Conservatives suppressed vital reports on drug abuse, says Home Office minister

Exclusive: Norman Baker blames ‘vindictiveness’ for blocking studies that support reform

Nigel Morris
Sunday 05 October 2014 09:11 BST
Norman Baker has accused the Tories of “suppressing” two Home Office reports to tackle addiction and combat the popularity of “legal highs”
Norman Baker has accused the Tories of “suppressing” two Home Office reports to tackle addiction and combat the popularity of “legal highs”

Moves to help addicts kick their habit have been thwarted by senior Conservatives “playing politics” with the lives of vulnerable people ahead of the general election, the drugs minister has claimed.

Norman Baker opened a new Coalition rift after he condemned the Tories for “suppressing” two Home Office reports which set out plans to tackle addiction and combat the popularity of “legal highs”.

His attack came on the eve of the Lib Dem conference in Glasgow which will lay bare the differences between the Coalition partners on human rights, anti-terror legislation, health spending and welfare cuts. Simon Hughes, the justice minister, will also today condemn his Tory boss, Chris Grayling, for banning prisoners from receiving books.

In an interview with the Independent, Mr Baker disclosed the drugs reports were still gathering dust, with no date for publication, despite being ready since July. He blamed the Conservatives for blocking them for “political reasons”.

He said: “We have wasted three months when we could be taking action to save lives. It is irresponsible to play politics with these sort of issues.”

One report analysed approaches around the world to tackling drug use, including Portugal, where possession has been decriminalised, and Switzerland, where heroin addicts are given controlled doses to wean them off the drug.

‘This is not care or compassion but something closer to vindictiveness,’ says Norman Baker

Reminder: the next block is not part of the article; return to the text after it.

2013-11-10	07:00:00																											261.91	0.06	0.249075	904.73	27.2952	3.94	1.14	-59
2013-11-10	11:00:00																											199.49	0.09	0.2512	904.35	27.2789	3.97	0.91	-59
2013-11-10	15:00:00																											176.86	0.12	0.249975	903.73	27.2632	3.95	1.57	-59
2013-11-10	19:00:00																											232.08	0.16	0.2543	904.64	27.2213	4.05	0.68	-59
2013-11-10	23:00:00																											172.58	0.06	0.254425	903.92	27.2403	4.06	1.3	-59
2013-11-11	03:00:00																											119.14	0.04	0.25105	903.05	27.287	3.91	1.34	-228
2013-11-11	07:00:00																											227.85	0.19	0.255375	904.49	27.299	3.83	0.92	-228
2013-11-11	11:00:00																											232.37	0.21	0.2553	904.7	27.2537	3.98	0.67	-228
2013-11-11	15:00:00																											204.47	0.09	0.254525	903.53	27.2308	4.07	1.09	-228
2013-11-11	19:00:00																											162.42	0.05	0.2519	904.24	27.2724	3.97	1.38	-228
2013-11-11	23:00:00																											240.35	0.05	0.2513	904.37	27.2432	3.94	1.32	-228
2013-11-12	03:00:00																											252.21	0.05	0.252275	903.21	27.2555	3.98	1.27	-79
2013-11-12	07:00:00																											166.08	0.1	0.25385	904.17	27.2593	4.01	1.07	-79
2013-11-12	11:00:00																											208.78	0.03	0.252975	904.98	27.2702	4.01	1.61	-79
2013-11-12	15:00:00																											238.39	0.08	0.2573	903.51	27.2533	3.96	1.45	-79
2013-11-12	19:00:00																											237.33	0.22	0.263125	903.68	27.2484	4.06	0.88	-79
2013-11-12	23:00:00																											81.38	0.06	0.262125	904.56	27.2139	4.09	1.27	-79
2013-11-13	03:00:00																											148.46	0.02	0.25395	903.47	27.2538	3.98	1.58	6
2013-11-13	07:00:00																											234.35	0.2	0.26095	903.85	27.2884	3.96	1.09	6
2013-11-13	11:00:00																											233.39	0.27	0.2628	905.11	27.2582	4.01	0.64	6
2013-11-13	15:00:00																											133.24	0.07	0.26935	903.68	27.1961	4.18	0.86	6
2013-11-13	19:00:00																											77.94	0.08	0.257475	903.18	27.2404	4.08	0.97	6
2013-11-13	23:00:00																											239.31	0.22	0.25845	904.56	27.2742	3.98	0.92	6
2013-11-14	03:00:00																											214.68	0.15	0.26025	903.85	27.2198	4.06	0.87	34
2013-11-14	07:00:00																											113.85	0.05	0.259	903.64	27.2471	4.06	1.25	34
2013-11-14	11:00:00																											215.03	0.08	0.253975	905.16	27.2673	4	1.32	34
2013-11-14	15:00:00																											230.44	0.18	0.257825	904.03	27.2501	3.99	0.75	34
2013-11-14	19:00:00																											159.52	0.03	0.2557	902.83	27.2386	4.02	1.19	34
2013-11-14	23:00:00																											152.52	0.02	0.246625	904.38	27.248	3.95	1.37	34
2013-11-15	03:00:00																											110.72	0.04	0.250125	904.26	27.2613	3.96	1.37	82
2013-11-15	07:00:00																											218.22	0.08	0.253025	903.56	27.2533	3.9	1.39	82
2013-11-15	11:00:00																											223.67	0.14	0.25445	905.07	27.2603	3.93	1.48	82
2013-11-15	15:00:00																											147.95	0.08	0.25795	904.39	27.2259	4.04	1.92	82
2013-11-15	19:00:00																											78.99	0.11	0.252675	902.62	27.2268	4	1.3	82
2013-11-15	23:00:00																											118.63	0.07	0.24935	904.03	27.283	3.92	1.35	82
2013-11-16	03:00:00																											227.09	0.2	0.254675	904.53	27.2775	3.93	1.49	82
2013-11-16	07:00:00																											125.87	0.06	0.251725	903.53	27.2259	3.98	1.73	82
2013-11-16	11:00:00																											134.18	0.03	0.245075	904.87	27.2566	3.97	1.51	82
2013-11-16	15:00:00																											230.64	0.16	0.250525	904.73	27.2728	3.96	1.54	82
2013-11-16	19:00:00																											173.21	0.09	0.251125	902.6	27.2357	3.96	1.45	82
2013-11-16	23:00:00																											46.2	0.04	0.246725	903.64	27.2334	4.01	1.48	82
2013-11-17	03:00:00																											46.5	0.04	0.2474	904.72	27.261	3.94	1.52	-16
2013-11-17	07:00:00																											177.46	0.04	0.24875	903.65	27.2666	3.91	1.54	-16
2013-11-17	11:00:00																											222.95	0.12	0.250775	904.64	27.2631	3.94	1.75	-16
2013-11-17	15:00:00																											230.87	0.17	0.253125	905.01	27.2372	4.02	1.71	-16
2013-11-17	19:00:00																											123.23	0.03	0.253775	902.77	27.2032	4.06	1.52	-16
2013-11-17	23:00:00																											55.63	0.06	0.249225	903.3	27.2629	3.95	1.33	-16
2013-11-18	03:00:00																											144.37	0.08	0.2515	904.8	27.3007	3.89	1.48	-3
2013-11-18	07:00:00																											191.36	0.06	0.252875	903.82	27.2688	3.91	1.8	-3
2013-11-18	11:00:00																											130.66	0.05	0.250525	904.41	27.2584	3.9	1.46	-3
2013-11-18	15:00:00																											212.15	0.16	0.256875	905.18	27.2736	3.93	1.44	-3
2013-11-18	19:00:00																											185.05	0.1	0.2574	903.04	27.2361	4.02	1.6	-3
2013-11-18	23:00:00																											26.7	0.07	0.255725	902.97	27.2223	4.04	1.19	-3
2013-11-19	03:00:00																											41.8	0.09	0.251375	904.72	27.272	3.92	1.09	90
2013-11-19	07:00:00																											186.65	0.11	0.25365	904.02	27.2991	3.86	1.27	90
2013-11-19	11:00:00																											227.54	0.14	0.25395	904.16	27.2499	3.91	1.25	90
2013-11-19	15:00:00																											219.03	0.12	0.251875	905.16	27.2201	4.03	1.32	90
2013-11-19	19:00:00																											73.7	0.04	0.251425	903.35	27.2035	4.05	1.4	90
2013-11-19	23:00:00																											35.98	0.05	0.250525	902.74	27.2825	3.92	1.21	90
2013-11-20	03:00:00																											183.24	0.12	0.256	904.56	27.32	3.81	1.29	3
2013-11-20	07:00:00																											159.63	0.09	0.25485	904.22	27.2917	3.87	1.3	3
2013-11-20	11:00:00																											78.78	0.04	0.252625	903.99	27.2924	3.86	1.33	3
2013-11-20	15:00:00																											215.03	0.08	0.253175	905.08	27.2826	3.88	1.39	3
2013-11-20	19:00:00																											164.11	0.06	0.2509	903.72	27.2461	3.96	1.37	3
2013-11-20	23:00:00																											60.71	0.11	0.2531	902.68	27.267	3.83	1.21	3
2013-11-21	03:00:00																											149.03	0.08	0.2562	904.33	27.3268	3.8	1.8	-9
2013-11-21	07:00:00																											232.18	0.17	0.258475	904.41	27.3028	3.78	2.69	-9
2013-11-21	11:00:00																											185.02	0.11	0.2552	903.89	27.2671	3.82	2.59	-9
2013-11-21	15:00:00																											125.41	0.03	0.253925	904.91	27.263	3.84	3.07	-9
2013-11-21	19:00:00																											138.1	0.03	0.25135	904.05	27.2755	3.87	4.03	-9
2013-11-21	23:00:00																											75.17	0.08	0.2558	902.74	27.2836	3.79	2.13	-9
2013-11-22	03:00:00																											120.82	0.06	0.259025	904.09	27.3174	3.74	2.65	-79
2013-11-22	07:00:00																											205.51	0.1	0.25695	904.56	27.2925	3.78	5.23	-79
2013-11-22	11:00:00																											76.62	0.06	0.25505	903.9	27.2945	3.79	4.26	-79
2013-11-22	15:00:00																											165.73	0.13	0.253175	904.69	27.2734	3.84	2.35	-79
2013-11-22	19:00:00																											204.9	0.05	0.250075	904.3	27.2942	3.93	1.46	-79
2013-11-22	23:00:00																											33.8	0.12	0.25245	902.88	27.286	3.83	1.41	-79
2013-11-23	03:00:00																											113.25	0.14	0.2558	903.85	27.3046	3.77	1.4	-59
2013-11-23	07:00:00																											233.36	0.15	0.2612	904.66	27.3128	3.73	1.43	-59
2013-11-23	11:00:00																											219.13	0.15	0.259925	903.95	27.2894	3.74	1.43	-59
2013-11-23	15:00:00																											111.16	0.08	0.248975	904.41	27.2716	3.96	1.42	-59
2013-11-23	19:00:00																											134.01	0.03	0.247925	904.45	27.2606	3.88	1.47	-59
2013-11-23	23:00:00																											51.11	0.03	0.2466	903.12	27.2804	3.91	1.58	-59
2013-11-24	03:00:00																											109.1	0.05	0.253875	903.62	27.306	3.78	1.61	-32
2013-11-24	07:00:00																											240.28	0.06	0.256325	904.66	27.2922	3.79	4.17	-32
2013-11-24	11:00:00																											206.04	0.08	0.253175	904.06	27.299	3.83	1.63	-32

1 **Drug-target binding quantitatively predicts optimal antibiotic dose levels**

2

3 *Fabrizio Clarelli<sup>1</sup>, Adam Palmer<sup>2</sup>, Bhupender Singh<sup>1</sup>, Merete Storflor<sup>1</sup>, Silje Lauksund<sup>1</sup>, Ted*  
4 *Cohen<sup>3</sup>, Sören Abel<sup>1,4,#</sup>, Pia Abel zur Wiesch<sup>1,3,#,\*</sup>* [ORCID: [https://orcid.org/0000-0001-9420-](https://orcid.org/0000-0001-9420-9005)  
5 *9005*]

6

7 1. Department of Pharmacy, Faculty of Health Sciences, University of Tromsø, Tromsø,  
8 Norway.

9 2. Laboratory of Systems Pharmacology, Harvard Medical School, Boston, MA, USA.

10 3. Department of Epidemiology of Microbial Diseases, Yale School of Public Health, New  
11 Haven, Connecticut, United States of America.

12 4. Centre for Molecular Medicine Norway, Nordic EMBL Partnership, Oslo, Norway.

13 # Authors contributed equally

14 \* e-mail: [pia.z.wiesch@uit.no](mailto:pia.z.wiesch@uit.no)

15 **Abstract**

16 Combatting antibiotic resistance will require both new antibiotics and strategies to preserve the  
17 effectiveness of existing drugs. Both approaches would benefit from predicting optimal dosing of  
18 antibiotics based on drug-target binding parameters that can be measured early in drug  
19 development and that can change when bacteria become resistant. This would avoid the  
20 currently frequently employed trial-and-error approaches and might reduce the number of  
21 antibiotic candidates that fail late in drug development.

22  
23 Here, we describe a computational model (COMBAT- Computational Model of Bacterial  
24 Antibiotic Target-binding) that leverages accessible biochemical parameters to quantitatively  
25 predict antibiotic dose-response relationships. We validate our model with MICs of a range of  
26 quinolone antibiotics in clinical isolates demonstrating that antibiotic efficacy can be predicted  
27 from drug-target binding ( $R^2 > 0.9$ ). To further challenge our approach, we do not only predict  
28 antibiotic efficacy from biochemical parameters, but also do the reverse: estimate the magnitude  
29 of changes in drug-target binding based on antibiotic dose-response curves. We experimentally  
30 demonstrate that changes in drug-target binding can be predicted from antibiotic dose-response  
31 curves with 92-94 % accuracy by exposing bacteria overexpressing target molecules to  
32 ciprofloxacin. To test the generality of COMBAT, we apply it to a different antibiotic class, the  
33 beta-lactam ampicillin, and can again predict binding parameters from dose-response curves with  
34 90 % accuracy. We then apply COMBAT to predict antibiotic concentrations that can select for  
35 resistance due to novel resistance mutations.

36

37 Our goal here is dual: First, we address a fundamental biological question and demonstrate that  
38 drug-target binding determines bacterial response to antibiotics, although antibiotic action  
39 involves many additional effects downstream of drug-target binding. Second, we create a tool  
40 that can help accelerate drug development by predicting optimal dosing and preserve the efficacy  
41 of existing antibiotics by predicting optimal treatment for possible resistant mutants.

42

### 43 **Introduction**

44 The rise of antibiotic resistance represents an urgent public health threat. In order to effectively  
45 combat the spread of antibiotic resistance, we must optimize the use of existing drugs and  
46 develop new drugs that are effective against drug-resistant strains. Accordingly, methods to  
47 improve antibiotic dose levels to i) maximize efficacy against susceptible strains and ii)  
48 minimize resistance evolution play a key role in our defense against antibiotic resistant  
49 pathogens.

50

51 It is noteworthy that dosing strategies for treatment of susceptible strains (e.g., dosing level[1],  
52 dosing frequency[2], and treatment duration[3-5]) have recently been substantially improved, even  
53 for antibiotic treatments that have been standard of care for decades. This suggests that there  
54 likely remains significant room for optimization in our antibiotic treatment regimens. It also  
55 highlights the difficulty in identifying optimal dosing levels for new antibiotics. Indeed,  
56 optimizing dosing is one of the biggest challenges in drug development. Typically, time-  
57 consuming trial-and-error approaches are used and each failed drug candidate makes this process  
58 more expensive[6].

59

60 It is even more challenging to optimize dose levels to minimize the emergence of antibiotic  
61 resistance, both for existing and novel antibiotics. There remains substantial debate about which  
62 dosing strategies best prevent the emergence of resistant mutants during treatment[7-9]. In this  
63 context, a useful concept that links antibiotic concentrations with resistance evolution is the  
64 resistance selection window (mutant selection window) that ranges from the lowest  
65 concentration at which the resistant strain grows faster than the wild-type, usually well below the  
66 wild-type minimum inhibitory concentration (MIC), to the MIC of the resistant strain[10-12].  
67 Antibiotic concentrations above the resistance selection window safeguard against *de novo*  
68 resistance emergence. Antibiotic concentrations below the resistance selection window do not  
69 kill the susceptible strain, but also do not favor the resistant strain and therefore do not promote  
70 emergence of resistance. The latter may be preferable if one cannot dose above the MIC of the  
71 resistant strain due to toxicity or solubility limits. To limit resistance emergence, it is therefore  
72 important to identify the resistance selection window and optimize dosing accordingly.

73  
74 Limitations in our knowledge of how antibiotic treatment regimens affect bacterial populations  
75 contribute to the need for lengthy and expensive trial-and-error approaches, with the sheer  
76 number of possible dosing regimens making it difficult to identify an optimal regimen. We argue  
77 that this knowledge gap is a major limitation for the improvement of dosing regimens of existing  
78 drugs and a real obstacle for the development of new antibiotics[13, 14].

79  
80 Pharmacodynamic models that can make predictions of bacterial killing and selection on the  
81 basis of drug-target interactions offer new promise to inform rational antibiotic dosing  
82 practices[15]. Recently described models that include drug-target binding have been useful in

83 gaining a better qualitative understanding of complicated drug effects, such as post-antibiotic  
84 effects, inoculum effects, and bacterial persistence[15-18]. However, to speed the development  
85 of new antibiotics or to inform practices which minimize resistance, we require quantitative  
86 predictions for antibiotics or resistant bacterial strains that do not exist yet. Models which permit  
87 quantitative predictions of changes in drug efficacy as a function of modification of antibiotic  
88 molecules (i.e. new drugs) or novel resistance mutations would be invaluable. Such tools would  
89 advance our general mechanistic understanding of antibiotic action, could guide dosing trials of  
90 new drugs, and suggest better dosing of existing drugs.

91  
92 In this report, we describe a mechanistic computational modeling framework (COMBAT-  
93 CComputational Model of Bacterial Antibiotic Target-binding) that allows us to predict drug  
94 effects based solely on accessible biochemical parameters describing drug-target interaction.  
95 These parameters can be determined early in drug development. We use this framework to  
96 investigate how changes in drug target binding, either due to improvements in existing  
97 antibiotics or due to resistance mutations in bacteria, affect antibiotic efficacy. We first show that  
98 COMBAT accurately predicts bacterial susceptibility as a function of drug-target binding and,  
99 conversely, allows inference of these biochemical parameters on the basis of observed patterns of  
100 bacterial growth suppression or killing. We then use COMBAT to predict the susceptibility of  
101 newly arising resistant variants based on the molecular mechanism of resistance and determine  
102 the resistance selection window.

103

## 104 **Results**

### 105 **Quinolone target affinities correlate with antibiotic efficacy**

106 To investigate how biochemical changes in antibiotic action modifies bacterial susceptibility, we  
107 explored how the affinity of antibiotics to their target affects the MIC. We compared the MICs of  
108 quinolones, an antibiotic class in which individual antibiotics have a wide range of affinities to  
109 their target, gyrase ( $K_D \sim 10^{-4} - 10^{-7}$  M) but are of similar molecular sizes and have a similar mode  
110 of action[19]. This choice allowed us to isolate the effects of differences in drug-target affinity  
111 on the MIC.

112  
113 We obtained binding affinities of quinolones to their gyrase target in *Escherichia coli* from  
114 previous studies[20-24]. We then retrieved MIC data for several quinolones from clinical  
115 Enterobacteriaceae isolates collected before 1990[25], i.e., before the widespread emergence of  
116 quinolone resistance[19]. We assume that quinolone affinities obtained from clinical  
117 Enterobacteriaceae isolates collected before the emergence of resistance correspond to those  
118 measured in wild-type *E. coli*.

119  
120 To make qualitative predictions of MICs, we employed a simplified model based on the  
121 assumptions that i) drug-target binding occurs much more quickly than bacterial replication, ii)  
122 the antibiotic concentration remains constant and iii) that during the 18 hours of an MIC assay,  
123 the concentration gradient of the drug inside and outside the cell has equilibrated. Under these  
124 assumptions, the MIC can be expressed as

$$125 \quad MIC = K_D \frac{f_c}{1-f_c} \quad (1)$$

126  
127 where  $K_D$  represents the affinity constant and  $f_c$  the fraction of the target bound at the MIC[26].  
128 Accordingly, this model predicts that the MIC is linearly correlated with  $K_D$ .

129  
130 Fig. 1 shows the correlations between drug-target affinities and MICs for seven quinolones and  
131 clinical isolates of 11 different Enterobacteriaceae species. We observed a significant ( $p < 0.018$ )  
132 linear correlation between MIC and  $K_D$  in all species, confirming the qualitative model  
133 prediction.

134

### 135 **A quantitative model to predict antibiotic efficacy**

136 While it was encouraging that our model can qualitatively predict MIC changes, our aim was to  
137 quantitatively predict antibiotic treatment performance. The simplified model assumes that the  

Mr Baker said the report, written by Home Office officials, had examined the evidence from abroad and made recommendations on the lessons for Britain.

“The idea we can bang up prison sentences and that will cure the drug problem is ludicrous. We need to learn from this and adopt best practice,” he said.

“But perhaps our Conservative colleagues in government find some of the conclusions and observations inconvenient because they don’t fit with their prejudices.”

A parallel report examined the worldwide popularity of so-called “legal highs”, chemicals designed to replicate the effects of illegal substances, which have been linked to dozens of recent deaths in Britain.

It backed action against “head shops” which sell the substances and against the suppliers behind the booming trade, as well as better education of the dangers of legal highs.

“I want to get on with tackling these substances. In the meantime, because the Tories are blocking these papers, the recommendations in them have not been acted upon,” he said.

The initial decision over whether to publish the reports would have been taken by the Home Secretary Theresa May, although final approval on such a sensitive subject would rest with Downing Street.

Lynton Crosby, the Tories’ election strategist, the party has been attempting to narrow its focus to core issues

Under Lynton Crosby, the Tories’ election strategist, the party has been attempting to narrow its focus to core issues such as the economy, immigration and welfare cuts, a strategy that may have had a part to play in the delay.